Swede says he was tortured

July 14, 2004

Stockholm - A 25-year-old Swede released last week from the US detention centre at Guantanamo Bay, Cuba said in interviews on Tuesday that he was tortured both physically and psychologically during his detention.

In his first interviews to the Swedish media, Mehdi Ghezali said US interrogators subjected him to a string of abuses, including being shackled for hours, sleep deprivation, no contact with the outside world, being forced to endure shivering temperatures for up to 14 hours at a time, and attempts to humiliate him sexually.

"There was always psychological torture, but the last month they used more physical torture," Ghezali told Swedish radio.

His claims are in line with accounts from other Guantanamo detainees who have been released.

Since his return to Sweden on July 8, Ghezali has been hiding out at an undisclosed location after receiving threats from neo-Nazis. Media reports have indicated that he is being guarded by Swedish secret police, but they have not confirmed those reports.

Swedish radio's correspondent described Ghezali as withdrawn, solemn and tired.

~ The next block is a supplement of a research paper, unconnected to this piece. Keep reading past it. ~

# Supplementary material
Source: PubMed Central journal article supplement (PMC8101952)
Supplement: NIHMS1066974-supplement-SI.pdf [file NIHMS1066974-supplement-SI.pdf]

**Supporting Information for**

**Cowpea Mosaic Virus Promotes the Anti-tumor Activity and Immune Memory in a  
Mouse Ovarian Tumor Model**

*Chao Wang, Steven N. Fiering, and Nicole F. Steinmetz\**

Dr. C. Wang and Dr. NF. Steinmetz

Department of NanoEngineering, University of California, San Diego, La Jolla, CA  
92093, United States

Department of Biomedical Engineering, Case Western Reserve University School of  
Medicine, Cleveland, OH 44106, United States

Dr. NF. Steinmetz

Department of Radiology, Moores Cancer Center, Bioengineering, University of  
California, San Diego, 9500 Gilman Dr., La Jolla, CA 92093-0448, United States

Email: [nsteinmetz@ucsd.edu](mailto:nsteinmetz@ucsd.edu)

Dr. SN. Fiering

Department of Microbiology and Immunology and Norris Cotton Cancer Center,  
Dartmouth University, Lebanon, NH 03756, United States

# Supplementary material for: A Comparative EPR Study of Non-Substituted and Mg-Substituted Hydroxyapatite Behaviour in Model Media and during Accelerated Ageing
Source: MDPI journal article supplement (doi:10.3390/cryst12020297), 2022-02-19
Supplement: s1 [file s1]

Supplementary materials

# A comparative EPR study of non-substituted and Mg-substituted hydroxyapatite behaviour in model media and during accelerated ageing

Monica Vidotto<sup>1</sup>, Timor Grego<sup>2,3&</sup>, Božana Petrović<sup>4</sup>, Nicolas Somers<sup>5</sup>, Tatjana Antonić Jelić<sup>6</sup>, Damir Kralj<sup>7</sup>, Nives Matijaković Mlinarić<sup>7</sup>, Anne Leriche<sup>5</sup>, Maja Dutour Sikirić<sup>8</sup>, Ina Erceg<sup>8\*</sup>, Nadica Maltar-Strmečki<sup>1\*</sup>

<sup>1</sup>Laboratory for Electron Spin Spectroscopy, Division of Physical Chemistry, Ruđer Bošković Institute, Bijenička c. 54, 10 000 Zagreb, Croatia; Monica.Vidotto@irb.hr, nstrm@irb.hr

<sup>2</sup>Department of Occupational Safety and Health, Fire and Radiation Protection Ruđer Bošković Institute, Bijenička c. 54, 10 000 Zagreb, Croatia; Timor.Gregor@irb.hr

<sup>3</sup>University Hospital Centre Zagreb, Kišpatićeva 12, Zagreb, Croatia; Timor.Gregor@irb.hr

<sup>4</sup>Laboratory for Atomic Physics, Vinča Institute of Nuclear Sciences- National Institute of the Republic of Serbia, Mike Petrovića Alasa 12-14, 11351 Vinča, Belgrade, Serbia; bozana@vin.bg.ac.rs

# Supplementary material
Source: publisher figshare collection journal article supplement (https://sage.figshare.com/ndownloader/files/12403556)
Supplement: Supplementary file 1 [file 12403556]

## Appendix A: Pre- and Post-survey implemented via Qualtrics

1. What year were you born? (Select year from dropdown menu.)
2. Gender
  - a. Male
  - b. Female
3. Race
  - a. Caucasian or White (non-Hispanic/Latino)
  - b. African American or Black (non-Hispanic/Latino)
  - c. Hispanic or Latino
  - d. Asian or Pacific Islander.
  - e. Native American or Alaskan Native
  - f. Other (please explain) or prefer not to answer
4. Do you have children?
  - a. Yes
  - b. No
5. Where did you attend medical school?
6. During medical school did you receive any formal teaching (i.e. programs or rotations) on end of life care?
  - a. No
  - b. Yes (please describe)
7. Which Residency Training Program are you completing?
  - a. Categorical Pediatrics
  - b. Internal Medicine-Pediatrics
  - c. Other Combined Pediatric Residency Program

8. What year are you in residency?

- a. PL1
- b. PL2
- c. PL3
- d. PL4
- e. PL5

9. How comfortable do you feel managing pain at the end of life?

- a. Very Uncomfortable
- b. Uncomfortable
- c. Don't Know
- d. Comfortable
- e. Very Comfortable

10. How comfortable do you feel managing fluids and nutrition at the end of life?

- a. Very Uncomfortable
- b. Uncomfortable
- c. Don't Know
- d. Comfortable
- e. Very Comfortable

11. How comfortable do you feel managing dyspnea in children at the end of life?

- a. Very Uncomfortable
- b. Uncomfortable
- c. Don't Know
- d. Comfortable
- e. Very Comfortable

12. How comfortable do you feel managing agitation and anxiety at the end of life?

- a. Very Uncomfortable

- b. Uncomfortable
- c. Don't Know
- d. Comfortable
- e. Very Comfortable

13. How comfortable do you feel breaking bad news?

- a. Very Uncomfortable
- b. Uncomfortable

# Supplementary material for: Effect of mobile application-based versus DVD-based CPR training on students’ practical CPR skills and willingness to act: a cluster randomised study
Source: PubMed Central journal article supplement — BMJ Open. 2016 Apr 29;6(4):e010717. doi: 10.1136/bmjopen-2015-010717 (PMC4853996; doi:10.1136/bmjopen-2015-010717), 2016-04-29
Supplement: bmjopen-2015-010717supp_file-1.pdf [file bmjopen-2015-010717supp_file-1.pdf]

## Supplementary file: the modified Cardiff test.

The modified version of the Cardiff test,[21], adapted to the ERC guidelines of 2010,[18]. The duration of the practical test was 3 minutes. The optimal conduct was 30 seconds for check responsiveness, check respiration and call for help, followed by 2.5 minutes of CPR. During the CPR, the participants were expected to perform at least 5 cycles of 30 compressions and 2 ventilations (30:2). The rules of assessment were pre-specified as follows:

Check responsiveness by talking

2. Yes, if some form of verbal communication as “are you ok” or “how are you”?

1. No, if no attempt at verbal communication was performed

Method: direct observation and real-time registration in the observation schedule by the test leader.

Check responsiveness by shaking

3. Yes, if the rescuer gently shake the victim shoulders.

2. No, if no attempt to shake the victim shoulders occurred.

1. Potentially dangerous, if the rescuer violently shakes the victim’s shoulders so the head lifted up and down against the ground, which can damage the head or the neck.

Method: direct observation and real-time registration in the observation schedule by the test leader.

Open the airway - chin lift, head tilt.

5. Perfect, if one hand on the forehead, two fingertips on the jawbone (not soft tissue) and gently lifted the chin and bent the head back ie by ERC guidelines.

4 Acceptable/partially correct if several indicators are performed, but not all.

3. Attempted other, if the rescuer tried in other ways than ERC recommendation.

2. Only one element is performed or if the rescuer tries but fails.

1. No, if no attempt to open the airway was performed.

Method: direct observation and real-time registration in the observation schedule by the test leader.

A devout Muslim, Ghezali insisted he was not involved in terrorist activities. "I don't think they would have released me if I were," he told the radio.

He said he was arrested in December 2001 in Pakistan and turned over to US authorities, who shipped him to Guantanamo in January 2002. He claimed he was visiting a friend in Pakistan when local villagers captured him and sold him to Pakistani police, who then handed him over to the US.

Ghezali denied media reports which, at the time of his arrest, said he was part of a prison revolt in Pakistan. Guards and prisoners travelling on a bus were reported to have been killed in the uprising.

"I've never been involved in anything like that, or any other battle," he told Swedish daily Dagens Nyheter, adding: "The stuff that supposedly happened on a bus was never even brought up in a single interrogation."

Ghezali said he was interrogated daily by US guards, but stopped answering their questions after the first six months. He said he remained silent for the next two years.

One time, the guards brought an American woman into his cell to try to get him to have sex with her.

"They tried to make me lose my faith. Maybe they wanted to use it against me so I would cooperate," he said.

The only physical traces Ghezali has from his detention are teeth in poor condition and the loss of feeling in part of his left foot because of an ankle chain.

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